What Is Non-Standard Risk?

In some circumstances, a normal home insurance policy may not be enough to cover your property. Reasons for this might include a history of flooding or subsidence, or that you’ve been declared bankrupt at some point.

These are defined as a non-standard risk, and the company’s Loss Adjuster may refuse your insurance claim if you only have a standard policy.

Examples of Non-Standard Risk

  • Properties with a history of flooding or in areas affected by extreme weather. You can get help from the government’s Flood Re scheme.
  • Properties that have been monitored for subsidence, landslip or heave, or had their foundations underpinned or reinforced.
  • If your home is used as a business property, as opposed to informal working from home.
  • If your home is going to be left unoccupied for a long period — usually over 30 days, but it’s important to check this.
  • If any occupant has ever been declared bankrupt, has unspent or pending criminal convictions, or has ever been refused insurance or had terms imposed.
  • A property whose roof is made of materials including asbestos, corrugated iron, felt on timber, fibreglass, glass, metal, plastic, shingle or thatch.
  • A property whose exterior walls are made from materials including timber, asbestos, metal, fibreglass, glass, plastic or prefabricated materials. If any part of your property is built from less usual materials, check with your insurance company.

Note that this isn’t an exhaustive list. Always make sure you check your policy carefully and declare any circumstance which could be relevant, or the Loss Adjuster might turn you down if you need to make an insurance claim.

Does Your Home Insurance Cover Neighbour Damage?

Whether it’s cutting off utility lines, damaging garden walls and ornaments, smashing windows or causing leaks, homeowners often suffer damage to their property at the hands of their neighbours. You might think their insurance policy is bound to cover this — but that’s not always true.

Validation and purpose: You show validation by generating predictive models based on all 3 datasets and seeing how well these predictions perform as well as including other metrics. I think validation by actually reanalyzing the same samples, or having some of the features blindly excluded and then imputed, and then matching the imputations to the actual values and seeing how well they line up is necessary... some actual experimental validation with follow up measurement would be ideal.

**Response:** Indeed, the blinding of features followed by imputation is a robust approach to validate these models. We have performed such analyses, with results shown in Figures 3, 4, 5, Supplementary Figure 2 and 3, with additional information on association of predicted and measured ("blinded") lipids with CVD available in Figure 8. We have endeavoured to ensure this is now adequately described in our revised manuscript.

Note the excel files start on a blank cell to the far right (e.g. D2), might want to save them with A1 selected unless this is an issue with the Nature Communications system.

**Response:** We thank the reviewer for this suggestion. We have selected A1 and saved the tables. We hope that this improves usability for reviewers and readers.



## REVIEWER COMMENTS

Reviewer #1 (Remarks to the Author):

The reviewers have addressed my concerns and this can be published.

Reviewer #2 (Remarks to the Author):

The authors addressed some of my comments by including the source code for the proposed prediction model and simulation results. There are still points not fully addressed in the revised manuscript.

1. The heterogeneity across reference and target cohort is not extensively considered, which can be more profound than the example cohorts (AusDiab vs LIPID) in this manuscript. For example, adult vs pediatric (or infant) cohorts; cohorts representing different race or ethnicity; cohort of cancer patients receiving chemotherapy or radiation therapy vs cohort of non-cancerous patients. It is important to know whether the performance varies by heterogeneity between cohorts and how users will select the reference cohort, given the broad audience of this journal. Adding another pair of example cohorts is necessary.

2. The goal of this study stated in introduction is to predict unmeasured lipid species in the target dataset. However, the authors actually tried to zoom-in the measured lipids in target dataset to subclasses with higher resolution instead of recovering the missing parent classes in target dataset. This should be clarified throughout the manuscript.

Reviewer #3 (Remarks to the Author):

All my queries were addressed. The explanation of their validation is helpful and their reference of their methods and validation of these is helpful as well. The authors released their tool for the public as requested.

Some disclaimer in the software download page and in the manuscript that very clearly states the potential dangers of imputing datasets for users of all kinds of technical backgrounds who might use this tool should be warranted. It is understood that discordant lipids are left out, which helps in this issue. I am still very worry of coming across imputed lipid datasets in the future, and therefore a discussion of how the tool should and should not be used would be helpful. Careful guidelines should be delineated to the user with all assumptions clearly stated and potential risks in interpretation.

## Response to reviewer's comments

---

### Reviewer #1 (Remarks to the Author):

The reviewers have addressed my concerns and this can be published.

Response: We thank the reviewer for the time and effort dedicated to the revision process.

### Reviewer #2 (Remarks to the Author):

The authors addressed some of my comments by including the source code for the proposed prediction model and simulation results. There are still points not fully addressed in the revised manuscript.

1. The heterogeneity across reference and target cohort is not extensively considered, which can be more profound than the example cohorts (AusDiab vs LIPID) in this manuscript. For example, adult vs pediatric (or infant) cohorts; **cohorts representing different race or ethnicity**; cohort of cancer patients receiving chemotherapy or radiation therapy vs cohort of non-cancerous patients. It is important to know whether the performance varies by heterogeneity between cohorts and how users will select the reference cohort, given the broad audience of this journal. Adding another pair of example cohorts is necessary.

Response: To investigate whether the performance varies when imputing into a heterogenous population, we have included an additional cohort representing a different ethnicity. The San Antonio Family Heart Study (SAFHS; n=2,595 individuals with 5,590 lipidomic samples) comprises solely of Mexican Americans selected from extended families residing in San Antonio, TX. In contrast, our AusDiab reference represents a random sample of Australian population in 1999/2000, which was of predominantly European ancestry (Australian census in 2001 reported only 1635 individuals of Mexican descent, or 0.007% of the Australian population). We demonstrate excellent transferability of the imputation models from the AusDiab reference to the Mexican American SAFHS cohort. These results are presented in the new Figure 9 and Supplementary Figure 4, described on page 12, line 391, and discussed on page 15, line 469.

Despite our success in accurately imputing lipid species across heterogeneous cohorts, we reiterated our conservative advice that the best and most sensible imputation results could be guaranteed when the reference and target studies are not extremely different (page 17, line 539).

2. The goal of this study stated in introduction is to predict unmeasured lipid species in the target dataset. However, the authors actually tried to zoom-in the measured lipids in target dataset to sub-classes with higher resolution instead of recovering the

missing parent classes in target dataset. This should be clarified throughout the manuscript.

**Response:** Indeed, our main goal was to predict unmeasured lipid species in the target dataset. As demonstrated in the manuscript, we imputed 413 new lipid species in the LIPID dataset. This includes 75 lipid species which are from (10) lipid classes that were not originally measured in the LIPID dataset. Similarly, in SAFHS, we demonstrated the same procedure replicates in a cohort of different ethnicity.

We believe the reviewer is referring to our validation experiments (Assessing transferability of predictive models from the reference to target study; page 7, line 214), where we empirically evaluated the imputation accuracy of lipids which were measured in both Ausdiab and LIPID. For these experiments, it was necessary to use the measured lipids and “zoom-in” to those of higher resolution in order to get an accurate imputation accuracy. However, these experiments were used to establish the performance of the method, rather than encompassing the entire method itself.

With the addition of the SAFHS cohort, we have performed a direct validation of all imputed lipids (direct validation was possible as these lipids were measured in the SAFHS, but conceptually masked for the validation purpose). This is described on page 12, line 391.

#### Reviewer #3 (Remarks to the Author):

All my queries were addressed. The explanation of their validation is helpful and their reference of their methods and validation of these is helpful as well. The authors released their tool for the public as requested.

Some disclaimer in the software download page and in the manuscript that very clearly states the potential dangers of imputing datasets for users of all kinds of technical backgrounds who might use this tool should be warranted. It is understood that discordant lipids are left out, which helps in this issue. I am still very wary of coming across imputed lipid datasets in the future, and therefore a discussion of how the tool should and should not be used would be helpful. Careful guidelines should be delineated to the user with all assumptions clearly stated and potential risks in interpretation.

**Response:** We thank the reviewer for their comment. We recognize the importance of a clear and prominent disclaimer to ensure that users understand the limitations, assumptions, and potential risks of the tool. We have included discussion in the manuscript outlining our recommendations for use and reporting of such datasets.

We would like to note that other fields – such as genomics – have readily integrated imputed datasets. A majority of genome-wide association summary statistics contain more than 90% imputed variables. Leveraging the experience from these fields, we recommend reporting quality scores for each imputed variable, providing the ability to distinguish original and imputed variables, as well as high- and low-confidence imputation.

It seems quite straightforward. If your neighbour is responsible for damage to your property, they should be liable for putting it right. In fact, this depends entirely on the circumstances.

Just as the loss adjuster could refuse to pay out on your insurance claim if there’s something wrong with it, the same can happen with your neighbour’s policy, even if the damage is to your property. For instance, their loss adjuster could decide a leak was caused by poor maintenance to their home and refuse to pay.

That will leave you with the choice of trying to get your neighbour to pay out of their own pocket or trying to claim on your own home insurance policy — assuming, that is, that neighbour damage is covered. The key here is “insured perils”. Home insurance policies generally include these, referring to certain events such as fire and flood. If the cause of the damage can be attributed to an “insured peril”, then you may be in luck.

It’s also worth checking whether your policy has accidental damage cover, which may cover this sort of situation. Some policies have it as standard, but if not you can usually add it on for a premium.

Neighbour Negligence and Record Keeping

Even assuming your neighbour’s insurance policy does cover the damage, you’ll need to be able to demonstrate that they were responsible for it, whether through negligence or simply because the fault began on their property.

Prevention is better than cure, and assuming you have reasonable neighbours, they may be quite willing to fix the problem but simply not have noticed. So let your neighbours know about any damage you spot, and you could not only save yourself a lot of hassle in trying to get the repairs paid for, but also avoid the bad feelings that arise from a dispute over money.

However, it’s also vital to start keeping records of any damage as soon as it starts to develop, including notes and photographic evidence, all carefully dated. That way, if your neighbour still fails to take action after you’ve warned them, this will help you demonstrate that they were negligent.

And, just in case none of this works, check your own insurance policy.